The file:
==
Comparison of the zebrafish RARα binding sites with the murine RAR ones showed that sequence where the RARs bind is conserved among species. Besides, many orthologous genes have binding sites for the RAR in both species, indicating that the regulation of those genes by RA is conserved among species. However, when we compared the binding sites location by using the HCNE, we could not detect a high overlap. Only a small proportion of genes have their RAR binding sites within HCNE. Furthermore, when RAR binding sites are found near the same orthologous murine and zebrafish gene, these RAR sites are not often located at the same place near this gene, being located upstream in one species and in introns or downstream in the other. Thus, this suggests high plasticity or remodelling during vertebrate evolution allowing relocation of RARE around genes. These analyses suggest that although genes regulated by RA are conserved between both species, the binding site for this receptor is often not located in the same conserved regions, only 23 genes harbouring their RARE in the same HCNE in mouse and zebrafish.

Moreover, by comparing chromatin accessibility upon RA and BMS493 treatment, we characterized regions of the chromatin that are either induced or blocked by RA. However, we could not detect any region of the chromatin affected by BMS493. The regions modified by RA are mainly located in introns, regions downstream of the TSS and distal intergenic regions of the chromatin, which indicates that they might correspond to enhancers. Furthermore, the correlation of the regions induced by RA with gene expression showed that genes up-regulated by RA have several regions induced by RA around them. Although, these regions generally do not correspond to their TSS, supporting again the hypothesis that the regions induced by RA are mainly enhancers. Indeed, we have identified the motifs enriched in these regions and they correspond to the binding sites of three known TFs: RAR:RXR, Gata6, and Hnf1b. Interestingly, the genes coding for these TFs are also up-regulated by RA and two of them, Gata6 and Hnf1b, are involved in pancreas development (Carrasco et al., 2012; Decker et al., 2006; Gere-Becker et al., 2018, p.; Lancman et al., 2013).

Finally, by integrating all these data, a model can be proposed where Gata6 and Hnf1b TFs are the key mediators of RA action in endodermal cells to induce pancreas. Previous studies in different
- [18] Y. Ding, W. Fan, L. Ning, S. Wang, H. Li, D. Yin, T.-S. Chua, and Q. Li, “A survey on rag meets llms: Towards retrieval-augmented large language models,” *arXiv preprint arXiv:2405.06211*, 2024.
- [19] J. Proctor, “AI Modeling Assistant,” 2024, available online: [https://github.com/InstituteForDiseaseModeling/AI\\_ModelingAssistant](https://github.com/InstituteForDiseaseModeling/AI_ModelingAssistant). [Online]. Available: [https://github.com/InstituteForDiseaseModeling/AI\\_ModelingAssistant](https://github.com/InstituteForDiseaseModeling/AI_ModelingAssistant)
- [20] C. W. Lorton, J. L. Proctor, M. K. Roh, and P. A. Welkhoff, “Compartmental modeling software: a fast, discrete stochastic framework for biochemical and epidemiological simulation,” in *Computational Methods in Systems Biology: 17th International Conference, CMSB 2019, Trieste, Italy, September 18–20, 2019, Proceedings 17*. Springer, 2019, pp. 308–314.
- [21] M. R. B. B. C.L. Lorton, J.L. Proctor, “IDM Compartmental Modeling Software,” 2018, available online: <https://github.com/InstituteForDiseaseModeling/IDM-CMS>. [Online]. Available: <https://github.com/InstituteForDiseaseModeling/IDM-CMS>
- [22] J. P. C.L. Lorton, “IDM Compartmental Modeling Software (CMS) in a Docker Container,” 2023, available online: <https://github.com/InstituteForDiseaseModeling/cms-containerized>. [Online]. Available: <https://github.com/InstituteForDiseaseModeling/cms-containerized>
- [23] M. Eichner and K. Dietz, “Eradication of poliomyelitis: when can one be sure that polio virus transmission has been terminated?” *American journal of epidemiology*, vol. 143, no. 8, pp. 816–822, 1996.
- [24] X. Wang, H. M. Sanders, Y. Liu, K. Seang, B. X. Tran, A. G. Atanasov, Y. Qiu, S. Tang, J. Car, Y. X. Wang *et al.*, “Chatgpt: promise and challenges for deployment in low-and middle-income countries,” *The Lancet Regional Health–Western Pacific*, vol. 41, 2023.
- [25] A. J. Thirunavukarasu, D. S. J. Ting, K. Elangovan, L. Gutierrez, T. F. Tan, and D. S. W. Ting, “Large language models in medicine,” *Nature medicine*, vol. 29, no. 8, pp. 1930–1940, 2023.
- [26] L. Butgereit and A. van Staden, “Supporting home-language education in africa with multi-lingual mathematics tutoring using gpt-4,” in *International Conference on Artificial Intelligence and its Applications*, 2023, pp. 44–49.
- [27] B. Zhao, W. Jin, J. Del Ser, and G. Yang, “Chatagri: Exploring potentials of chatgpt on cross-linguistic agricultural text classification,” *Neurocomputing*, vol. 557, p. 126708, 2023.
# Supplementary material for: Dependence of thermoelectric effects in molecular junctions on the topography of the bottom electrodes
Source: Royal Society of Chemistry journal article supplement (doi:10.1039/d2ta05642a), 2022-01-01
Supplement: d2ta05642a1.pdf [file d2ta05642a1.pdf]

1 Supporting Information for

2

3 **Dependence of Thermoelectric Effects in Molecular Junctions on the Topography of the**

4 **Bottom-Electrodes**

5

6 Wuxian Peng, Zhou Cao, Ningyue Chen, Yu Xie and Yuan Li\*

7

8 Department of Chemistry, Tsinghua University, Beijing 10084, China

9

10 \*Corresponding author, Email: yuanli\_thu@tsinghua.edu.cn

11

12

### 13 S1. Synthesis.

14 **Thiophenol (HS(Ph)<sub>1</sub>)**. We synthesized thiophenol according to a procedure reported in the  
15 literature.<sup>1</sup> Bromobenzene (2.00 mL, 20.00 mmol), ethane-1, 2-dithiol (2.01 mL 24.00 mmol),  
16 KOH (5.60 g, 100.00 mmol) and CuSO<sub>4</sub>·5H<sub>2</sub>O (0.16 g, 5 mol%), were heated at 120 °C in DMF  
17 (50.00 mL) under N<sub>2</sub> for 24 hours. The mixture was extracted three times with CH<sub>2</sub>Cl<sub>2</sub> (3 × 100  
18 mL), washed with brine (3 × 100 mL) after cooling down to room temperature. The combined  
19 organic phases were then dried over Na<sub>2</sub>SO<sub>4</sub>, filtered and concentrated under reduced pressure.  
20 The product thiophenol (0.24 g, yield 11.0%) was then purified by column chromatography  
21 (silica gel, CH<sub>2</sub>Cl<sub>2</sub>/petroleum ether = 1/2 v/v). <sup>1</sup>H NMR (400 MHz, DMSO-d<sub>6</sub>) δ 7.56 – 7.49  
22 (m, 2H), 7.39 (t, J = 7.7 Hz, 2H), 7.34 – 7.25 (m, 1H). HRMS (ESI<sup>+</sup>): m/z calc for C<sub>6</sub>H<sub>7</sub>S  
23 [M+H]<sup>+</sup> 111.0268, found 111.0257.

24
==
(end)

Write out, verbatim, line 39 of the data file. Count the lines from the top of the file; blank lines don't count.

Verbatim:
23 [M+H]<sup>+</sup> 111.0268, found 111.0257.